Europe tries to shield homeless from deep freeze
KIEV, Ukraine (AP) — Russia and Ukraine both took extra precautions on Friday to protect homeless people, ordering new facilities and medical care after scores of people have frozen to death on the streets of Europe during a brutal cold snap.
As the death toll from the past week rose to at least 175 on Friday, Russian Emergencies Minister Sergei Shoigu ordered the creation of facilities nationwide to feed and provide medical assistance to the homeless.
Russia has not reported casualty figures from the cold snap, which has gripped a large swath of the continent from Russia to Serbia and reached as far west as the Netherlands. But Russian Deputy Health Minister Maxim Topilin was quoted by the ITAR-Tass news agency on Friday as saying that at least 64 people died from the cold in all of January.
With tens of thousands of protesters expected on the streets of Moscow on Saturday, doctors advised those taking part in the demonstrations to protect themselves from the cold as their grandmothers used to do: by wearing felt boots and smearing their faces with goose or pig fat.
Protesters also were encouraged to eat a big breakfast, preferably including meat, and refrain from drinking alcohol. While most will be protesting against Vladimir Putin's government, others will attend a separate pro-Putin rally.
In Ukraine, the hardest hit country, health officials have told hospitals to stop discharging the hundreds of homeless patients after they are treated for hypothermia and frostbite. The goal is to prevent them from dying once they are released into temperatures as low as minus 32 Celsius (minus 26 Fahrenheit).
Authorities also have set up nearly 3,000 heating and food shelters.
Thirty-eight more fatalities were reported from frostbite and hypothermia in Ukraine on Friday, raising the nation's death toll to 101. Emergency officials have said many of the victims were homeless.
Mykola Blyznyuk of the Health Ministry told the Kiev Post newspaper that many of the victims of hypothermia had broken their legs in falls and spent a long time on the ground in freezing temperatures while waiting for help to arrive.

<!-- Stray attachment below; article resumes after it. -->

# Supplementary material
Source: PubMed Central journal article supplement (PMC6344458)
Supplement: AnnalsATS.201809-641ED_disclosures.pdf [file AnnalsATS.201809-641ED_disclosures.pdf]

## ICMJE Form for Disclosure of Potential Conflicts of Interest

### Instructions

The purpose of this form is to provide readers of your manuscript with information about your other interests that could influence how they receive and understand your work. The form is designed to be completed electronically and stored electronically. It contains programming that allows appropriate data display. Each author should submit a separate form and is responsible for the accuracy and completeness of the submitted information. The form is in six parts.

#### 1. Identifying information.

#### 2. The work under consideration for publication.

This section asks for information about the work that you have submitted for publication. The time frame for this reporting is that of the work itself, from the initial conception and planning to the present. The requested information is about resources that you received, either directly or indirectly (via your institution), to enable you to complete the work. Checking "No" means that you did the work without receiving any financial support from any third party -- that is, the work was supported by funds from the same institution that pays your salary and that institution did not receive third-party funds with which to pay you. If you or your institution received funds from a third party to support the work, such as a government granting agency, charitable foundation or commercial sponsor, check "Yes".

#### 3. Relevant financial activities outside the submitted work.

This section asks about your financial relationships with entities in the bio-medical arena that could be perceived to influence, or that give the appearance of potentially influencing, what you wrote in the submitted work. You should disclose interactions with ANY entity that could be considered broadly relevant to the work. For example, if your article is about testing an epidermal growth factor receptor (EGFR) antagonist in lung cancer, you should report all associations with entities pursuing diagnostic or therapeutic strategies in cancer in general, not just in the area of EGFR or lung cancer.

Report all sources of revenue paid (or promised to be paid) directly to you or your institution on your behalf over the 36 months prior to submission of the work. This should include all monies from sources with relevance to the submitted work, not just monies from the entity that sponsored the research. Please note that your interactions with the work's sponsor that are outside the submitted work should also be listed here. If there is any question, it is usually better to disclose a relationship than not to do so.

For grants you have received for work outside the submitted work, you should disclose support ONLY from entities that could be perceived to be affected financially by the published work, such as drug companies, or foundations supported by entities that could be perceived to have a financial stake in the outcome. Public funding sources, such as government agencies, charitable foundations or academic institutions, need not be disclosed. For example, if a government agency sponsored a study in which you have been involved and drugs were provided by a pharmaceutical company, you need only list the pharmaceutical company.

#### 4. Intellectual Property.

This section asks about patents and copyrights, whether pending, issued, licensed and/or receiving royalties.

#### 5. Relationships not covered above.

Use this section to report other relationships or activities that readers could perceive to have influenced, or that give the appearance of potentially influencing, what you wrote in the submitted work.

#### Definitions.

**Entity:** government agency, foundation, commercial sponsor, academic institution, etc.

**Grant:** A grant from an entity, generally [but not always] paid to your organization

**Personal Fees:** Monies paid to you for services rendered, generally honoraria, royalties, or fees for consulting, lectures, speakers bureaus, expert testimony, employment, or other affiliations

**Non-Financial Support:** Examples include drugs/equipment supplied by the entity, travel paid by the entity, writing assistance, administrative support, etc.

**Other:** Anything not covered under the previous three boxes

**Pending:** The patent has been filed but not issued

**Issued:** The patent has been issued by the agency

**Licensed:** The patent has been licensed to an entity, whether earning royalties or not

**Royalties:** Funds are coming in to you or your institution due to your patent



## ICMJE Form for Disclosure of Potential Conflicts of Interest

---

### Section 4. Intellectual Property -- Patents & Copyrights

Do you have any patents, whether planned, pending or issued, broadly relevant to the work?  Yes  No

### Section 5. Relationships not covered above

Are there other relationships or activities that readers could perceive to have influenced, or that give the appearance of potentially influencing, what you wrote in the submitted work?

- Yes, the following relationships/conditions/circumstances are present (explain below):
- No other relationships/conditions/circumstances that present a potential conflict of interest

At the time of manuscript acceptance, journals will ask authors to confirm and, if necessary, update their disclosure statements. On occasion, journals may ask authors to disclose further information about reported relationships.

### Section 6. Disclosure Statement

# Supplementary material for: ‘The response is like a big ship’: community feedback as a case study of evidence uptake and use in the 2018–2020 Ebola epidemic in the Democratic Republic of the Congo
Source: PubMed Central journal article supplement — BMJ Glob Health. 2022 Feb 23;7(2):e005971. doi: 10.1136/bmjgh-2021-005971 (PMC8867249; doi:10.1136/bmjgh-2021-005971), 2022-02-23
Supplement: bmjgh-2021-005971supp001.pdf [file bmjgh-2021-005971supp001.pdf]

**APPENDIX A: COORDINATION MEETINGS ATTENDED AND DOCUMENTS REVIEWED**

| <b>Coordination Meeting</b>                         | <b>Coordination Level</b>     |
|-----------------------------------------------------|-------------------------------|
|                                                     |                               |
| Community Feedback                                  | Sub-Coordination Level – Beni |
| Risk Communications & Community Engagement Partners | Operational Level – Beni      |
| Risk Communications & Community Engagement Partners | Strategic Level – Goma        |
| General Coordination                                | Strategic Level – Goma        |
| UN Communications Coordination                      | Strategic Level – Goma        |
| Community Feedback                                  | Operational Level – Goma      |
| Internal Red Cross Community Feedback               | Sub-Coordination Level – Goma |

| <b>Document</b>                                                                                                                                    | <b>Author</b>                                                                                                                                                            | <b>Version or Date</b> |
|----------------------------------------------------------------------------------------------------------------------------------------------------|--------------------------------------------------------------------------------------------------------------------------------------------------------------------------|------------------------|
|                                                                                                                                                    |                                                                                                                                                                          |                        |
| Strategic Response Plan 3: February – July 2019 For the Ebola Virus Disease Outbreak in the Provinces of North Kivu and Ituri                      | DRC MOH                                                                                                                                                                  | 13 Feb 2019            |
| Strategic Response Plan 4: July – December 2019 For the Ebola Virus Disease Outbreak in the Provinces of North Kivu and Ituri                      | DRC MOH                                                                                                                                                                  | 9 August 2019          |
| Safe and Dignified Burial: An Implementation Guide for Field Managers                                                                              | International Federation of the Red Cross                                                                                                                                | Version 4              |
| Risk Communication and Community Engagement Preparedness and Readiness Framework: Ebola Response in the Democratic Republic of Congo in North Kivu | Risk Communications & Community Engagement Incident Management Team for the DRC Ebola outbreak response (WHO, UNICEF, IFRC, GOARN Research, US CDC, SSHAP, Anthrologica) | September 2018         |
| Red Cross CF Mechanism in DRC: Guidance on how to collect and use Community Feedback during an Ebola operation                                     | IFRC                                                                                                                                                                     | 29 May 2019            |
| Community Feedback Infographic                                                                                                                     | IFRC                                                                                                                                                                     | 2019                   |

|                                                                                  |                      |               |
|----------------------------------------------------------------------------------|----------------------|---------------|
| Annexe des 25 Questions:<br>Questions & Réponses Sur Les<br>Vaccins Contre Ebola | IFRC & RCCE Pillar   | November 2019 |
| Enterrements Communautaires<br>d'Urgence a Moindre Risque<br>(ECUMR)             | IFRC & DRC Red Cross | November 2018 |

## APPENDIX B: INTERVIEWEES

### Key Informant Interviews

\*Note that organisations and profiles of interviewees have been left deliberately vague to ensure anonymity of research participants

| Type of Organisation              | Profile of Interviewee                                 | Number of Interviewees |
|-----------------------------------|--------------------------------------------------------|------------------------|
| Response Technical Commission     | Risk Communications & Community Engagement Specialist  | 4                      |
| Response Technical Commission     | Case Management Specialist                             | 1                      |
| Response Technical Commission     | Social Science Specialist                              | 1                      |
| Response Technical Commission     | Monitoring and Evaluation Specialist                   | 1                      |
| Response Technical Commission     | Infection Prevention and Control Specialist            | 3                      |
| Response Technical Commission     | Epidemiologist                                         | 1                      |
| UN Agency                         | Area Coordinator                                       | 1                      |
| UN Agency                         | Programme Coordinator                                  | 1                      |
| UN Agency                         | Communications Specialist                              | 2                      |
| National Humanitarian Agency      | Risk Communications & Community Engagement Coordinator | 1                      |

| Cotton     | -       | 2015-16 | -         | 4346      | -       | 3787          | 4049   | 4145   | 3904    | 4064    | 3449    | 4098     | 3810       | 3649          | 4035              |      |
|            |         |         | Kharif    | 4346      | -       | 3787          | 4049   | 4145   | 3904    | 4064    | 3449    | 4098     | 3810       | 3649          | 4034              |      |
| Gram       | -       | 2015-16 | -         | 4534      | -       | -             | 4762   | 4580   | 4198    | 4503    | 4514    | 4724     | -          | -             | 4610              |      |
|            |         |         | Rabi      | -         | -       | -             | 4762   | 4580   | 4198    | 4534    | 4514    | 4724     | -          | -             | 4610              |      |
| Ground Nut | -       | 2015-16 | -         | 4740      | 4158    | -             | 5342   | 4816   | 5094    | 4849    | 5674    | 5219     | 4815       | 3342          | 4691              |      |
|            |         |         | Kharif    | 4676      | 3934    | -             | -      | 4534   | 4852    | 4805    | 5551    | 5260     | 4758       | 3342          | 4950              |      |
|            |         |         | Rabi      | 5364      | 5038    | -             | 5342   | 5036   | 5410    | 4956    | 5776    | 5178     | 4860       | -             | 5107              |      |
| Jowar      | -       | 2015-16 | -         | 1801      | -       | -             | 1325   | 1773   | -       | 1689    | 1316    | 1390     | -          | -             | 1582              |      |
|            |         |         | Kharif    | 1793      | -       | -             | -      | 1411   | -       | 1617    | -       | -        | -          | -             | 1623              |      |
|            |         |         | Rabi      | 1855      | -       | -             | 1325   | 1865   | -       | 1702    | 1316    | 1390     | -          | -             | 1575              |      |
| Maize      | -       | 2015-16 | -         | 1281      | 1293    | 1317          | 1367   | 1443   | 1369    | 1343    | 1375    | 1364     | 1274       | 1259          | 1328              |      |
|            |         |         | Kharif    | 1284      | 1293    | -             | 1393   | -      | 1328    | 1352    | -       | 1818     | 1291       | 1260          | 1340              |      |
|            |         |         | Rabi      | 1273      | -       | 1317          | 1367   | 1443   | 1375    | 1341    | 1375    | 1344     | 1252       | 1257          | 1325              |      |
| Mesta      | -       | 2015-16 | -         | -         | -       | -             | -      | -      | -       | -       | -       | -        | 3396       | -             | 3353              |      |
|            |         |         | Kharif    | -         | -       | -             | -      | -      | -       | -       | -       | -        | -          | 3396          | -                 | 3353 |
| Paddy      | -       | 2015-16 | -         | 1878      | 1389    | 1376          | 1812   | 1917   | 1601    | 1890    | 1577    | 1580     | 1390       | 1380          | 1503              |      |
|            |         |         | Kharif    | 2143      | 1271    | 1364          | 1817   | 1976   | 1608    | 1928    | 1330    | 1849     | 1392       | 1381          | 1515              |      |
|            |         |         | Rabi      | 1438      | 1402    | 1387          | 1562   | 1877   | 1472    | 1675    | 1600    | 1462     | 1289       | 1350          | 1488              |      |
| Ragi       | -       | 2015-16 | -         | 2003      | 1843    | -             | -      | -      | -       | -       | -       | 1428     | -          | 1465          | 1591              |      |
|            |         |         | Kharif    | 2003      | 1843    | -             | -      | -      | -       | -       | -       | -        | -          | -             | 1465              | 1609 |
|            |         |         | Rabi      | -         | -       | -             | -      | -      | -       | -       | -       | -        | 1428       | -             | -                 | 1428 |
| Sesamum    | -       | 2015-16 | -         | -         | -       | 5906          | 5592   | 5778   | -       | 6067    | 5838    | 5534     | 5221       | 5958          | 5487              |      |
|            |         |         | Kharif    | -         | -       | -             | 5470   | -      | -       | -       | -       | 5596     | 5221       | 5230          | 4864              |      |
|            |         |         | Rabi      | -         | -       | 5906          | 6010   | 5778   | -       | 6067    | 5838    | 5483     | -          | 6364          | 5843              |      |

Of the Ukrainians who have died since the cold weather hit Jan. 27, 64 were found frozen on the streets, 11 died in hospitals and 26 in their homes, emergency officials said.
It was so cold there, that some 1,500 swans, sea gulls and ducks froze to the ice in a small harbor near Ukraine's Black Sea port of Odessa, forcing emergency workers to use ships to break up the surface and free the birds, officials said.
The weeklong cold snap — Eastern Europe's worst in decades — is causing power outages, frozen water pipes and the widespread closure of schools, nurseries, airports and bus routes.
Bosnia reported its first deaths due to cold and snow. Five people died Friday in Sarajevo, most of them while shoveling snow, Dr. Tigran Elezovic said, and one person died in the southern city of Mostar, where ambulances could not reach the victim because of snow.
Rome — where Italians are usually spared from cold winter weather — experienced a rare snowfall on Friday, prompting officials to close the Colosseum, the Roman Forum and the Palatine Hill, the former home of Rome's ancient emperors, to prevent tourists from slipping and falling.
Northern Italy also has been gripped by snow and ice that is disrupting train travel.
Temperatures in the Italian Alps have fallen as low as minus -22 C (minus 7 F).
In the Netherlands, police in the eastern city of Wageningen reported that a homeless man found dead Thursday in a shed died of hypothermia, making him the first confirmed Dutch victim of the cold.
Traffic around the Netherlands was thrown into chaos Friday by snow. Trains ran with long delays and several flights in and out of Schiphol were delayed or canceled.
In Poland, the Interior Ministry recorded eight more deaths on Friday and said two other people died of asphyxiation from carbon monoxide-spewing charcoal heaters.
In Serbia, where six people have died, blizzards gripped Belgrade, the capital, and Novi, the country's second-largest city, complicating efforts to rescue people trapped in their homes.
Schools throughout the country will shut down next week, as part of emergency measures to deal with weather problems and save energy amid record electricity and gas consumption. The government also allocated fuel from emergency reserves for stranded areas in the Balkan country.
Neighboring Croatia and Montenegro also were hard hit. In Croatia, some highways were closed and waters of the Adriatic Sea froze in some areas. Buses that travel from Zagreb, the capital, toward the coast have been canceled.
In Montenegro, blizzards halted railway traffic, while cars were stranded in heavy snowfall on the roads in the north near the border with Serbia. Part of the capital, Podgorica, and a nearby area were left without electricity. The airport was closed due to heavy snow.
In northern Serbia, hundreds of tons of fish in the Ecka lakes were in danger because the water was icing over. Dozens of people have been working nonstop to break the ice, using hammers and all kinds of tools, and sometimes even falling into the freezing water.
Monica Scislowska in Warsaw, Jim Heintz and Lynn Berry in Moscow, Jovana Gec in Belgrade, Michael Corder in The Hague and Aida Cerekz in Bosnia contributed to this story.